Currie E, Schulze A, Zechner R, Walther Tobias C, Farese Robert V. Cellular fatty acid metabolism and cancer. Cell Metab. 2013;18:153–61.
Gordan JD, Thompson CB, Simon MC. HIF and c-Myc: sibling rivals for control of cancer cell metabolism and proliferation. Cancer Cell. 2007;12:108–13.
Jain M, Nilsson R, Sharma S, Madhusudhan N, Kitami T, Souza AL, et al. Metabolite profiling identifies a key role for glycine in rapid cancer cell proliferation. Science. 2012;336:1040–4.
Valko M, Rhodes CJ, Moncol J, Izakovic M, Mazur M. Free radicals, metals and antioxidants in oxidative stress-induced cancer. Chem Biol Interact. 2006;160:1–40.
Azad N, Rojanasakul Y, Vallyathan V. Inflammation and lung cancer: roles of reactive oxygen/nitrogen species. J Toxicol Environ Health B. 2008;11:1–15.
Wiseman H, Halliwell B. Damage to DNA by reactive oxygen and nitrogen species: role in inflammatory disease and progression to cancer. Biochem J. 1996;313:17.
Valavanidis A, Vlachogianni T, Fiotakis K. Tobacco smoke: involvement of reactive oxygen species and stable free radicals in mechanisms of oxidative damage, carcinogenesis and synergistic effects with other respirable particles. Int J Environ Res Public Health. 2009;6:445–62.
Trachootham D, Alexandre J, Huang P. Targeting cancer cells by ROS-mediated mechanisms: a radical therapeutic approach? Nat Rev Drug Discov. 2009;8:579–91.
National Institute of Cancer. Obesity and Cancer. https://www.cancer.gov/aboutcancer/causesprevention/risk/obesity/obesity-fact-sheet. Accessed Sept 2017
Furukawa S, Fujita T, Shimabukuro M, Iwaki M, Yamada Y, Nakajima Y, et al. Increased oxidative stress in obesity and its impact on metabolic syndrome. J Clin Invest. 2004;114:1752–61.
Le Lay S, Simard G, Martinez MC, Andriantsitohaina R. Oxidative stress and metabolic pathologies: from an adipocentric point of view. Oxid Med Cell Longev. 2014;2014:908539.
Tyrrell RM. Ultraviolet radiation and free radical damage to skin. Biochem Soc Symp. 1995;61:47–53.
Bossi O, Gartsbein M, Leitges M, Kuroki T, Grossman S, Tennenbaum T. UV irradiation increases ROS production via PKCdelta signaling in primary murine fibroblasts. J Cell Biochem. 2008;105:194–207.
Schmeltz I, Hoffmann D. Nitrogen-containing compounds in tobacco and tobacco smoke. Chem Rev. 1977;77:295–311.
Lijinsky W, Keefer L, Conrad E, Van de Bogart R. Nitrosation of tertiary amines and some biologic implications. J Natl Cancer Inst. 1972;49:1239–49.
Smith PA, Loeppky RN. Nitrosative cleavage of tertiary amines. J Am Chem Soc. 1967;89:1147–57.
Ryter SW, Kim HP, Hoetzel A, Park JW, Nakahira K, Wang X, Choi AM. Mechanisms of cell death in oxidative stress. Antioxid Redox Signal. 2007;9:49–89.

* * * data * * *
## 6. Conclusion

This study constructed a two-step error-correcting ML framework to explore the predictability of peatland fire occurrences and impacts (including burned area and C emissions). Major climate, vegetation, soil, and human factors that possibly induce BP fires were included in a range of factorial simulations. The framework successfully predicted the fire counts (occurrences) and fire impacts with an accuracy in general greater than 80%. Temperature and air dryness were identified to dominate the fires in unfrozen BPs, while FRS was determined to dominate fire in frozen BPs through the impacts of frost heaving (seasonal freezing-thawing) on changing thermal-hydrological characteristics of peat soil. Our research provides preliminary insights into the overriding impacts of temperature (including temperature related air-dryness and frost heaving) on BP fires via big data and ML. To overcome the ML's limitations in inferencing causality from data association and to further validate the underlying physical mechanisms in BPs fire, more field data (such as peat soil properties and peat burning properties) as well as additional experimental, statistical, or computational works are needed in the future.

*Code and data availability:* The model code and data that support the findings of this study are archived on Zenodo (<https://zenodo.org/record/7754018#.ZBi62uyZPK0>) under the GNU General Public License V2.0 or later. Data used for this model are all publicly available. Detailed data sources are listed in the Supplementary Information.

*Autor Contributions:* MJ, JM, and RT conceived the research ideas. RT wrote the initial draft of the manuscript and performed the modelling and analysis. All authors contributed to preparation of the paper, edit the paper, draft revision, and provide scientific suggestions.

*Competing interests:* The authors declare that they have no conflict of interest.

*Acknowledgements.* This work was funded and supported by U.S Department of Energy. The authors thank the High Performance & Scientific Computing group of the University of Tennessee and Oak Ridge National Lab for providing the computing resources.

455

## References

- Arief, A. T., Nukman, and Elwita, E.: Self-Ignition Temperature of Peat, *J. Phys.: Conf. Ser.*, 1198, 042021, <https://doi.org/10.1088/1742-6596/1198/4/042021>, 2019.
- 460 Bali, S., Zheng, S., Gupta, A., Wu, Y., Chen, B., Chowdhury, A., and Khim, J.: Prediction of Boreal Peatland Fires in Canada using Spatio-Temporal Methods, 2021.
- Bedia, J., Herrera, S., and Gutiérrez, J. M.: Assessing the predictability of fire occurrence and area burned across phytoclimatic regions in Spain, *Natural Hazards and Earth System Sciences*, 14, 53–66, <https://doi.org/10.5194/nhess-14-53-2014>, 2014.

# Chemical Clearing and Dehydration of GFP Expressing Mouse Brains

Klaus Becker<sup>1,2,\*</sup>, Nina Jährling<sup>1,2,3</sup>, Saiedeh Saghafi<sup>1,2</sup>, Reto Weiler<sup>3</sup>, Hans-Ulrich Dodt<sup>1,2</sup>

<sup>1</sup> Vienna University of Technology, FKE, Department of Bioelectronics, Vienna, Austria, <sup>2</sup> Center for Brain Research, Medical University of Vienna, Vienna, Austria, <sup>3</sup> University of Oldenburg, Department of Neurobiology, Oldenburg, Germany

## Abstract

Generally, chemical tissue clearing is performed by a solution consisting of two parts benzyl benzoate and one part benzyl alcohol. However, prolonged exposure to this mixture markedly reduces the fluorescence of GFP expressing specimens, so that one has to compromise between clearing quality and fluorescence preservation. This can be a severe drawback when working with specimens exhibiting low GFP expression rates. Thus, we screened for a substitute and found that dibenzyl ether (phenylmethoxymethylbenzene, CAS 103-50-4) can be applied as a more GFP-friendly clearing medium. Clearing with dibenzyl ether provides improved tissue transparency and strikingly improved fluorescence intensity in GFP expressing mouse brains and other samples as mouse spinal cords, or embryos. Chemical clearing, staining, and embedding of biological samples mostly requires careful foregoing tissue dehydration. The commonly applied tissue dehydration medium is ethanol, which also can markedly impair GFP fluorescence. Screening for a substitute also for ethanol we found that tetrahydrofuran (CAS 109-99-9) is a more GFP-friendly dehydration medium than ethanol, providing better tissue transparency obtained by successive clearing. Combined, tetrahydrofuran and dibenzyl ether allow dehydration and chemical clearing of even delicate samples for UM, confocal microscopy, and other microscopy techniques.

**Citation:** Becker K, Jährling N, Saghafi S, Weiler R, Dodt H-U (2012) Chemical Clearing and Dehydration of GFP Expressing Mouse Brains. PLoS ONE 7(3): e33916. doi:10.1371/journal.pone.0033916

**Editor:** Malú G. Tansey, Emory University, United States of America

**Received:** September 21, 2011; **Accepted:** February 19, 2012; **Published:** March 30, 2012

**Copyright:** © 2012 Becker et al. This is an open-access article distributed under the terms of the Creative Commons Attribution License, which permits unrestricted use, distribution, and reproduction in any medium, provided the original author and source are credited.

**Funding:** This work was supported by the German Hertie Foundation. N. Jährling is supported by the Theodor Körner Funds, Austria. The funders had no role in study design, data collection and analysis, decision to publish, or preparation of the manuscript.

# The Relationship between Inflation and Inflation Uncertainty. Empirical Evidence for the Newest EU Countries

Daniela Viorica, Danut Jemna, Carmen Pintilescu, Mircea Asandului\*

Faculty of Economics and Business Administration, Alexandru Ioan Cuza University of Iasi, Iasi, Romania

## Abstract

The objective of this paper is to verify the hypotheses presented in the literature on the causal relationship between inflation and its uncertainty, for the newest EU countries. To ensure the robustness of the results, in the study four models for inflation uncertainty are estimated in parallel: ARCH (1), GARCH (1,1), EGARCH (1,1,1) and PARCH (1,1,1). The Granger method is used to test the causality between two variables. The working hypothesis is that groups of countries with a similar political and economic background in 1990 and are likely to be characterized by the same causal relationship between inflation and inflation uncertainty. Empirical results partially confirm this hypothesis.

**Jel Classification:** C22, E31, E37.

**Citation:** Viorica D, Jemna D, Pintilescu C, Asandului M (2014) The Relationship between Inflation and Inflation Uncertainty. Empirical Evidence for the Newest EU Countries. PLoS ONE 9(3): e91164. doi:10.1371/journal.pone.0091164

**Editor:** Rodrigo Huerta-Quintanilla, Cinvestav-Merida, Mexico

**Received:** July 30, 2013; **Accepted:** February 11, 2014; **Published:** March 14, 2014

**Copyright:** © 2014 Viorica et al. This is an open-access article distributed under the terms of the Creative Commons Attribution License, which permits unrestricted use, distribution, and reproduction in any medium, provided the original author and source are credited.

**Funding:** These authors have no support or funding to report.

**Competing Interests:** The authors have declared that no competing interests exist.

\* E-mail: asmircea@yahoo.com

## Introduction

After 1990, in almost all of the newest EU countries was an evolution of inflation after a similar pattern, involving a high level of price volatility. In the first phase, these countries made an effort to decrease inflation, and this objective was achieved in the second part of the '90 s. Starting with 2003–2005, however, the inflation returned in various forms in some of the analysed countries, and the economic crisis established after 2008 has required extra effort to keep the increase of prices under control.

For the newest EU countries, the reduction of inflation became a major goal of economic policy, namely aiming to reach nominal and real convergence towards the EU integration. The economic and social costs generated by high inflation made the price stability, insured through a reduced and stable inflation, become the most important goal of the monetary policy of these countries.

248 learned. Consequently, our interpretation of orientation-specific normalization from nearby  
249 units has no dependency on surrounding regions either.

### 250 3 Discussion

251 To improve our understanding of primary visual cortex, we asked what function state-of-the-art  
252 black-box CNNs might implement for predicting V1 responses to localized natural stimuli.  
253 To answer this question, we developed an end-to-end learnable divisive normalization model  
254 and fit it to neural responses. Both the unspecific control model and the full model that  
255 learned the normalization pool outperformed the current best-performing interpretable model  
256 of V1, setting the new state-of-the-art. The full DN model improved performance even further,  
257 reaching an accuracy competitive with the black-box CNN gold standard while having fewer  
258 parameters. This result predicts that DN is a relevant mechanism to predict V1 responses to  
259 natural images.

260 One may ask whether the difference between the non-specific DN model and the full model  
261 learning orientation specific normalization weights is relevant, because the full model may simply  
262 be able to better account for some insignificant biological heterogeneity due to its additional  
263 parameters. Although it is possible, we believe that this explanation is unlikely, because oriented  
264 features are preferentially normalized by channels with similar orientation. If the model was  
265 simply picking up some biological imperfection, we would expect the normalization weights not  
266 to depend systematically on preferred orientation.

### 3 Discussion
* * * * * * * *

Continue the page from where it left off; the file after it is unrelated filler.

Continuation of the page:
Church DF, Pryor WA. Free-radical chemistry of cigarette smoke and its toxicological implications. Environ Health Perspect. 1985;64:111–26.
Lambeth JD. Nox enzymes, ROS, and chronic disease: an example of antagonistic pleiotropy. Free Radic Biol Med. 2007;43:332–47.
Pryor WA, Stone K. Oxidants in cigarette smoke. Radicals, hydrogen peroxide, peroxynitrate, and peroxynitrite. Ann N Y Acad Sci. 1993;686:12–27.
McElvaney NG, Greene CM. Mechanisms of protein misfolding in conformational lung diseases. Curr Mol Med. 2012;12:850–9.
Jorgensen E, Stinson A, Shan L, Yang J, Gietl D, Albino AP. Cigarette smoke induces endoplasmic reticulum stress and the unfolded protein response in normal and malignant human lung cells. BMC Cancer. 2008;8:229.
Agarwal DP. Genetic polymorphisms of alcohol metabolizing enzymes. Pathol Biol. 2001;49:703–9.
Parkin DM. Cancers attributable to consumption of alcohol in the UK in 2010. Br J Cancer. 2011;105:14–8.
Simeonova PP, Luster MI. Iron and reactive oxygen species in the asbestos-induced tumor necrosis factor-alpha response from alveolar macrophages. Am J Respir Cell Mol Biol. 1995;12:676–83.
Tchounwou PB, Yedjou CG, Patlolla AK, Sutton DJ. Heavy metal toxicity and the environment. EXS. 2012;101:133–64.
Jannaschk D, Burgos M, Centerlles JJ, Ovadi J, Cascante M. Application of metabolic control analysis to the study of toxic effects of copper in muscle glycolysis. FEBS Lett. 1999;445:144–8.
Vernhet L, Seite MP, Allain N, Guillouzo A, Fardel O. Arsenic induces expression of the multidrug resistance-associated protein 2 (MRP2) gene in primary rat and human hepatocytes. J Pharmacol Exp Ther. 2001;298:234–9.
Samraj AN, Pearce OM, Laubli H, Crittenden AN, Bergfeld AK, Banda K, et al. A red meat-derived glycan promotes inflammation and cancer progression. Proc Natl Acad Sci USA. 2015;112:542–7.
Costa AP, de Paula RC, Carvalho GF, Araujo JP, Andrade JM, de Almeida OL, et al. High sodium intake adversely affects oxidative-inflammatory response, cardiac remodelling and mortality after myocardial infarction. Atherosclerosis. 2012;222:284–91.
Loh JT, Torres VJ, Cover TL. Regulation of Helicobacter pylori cagA expression in response to salt. Cancer Res. 2007;67:4709–15.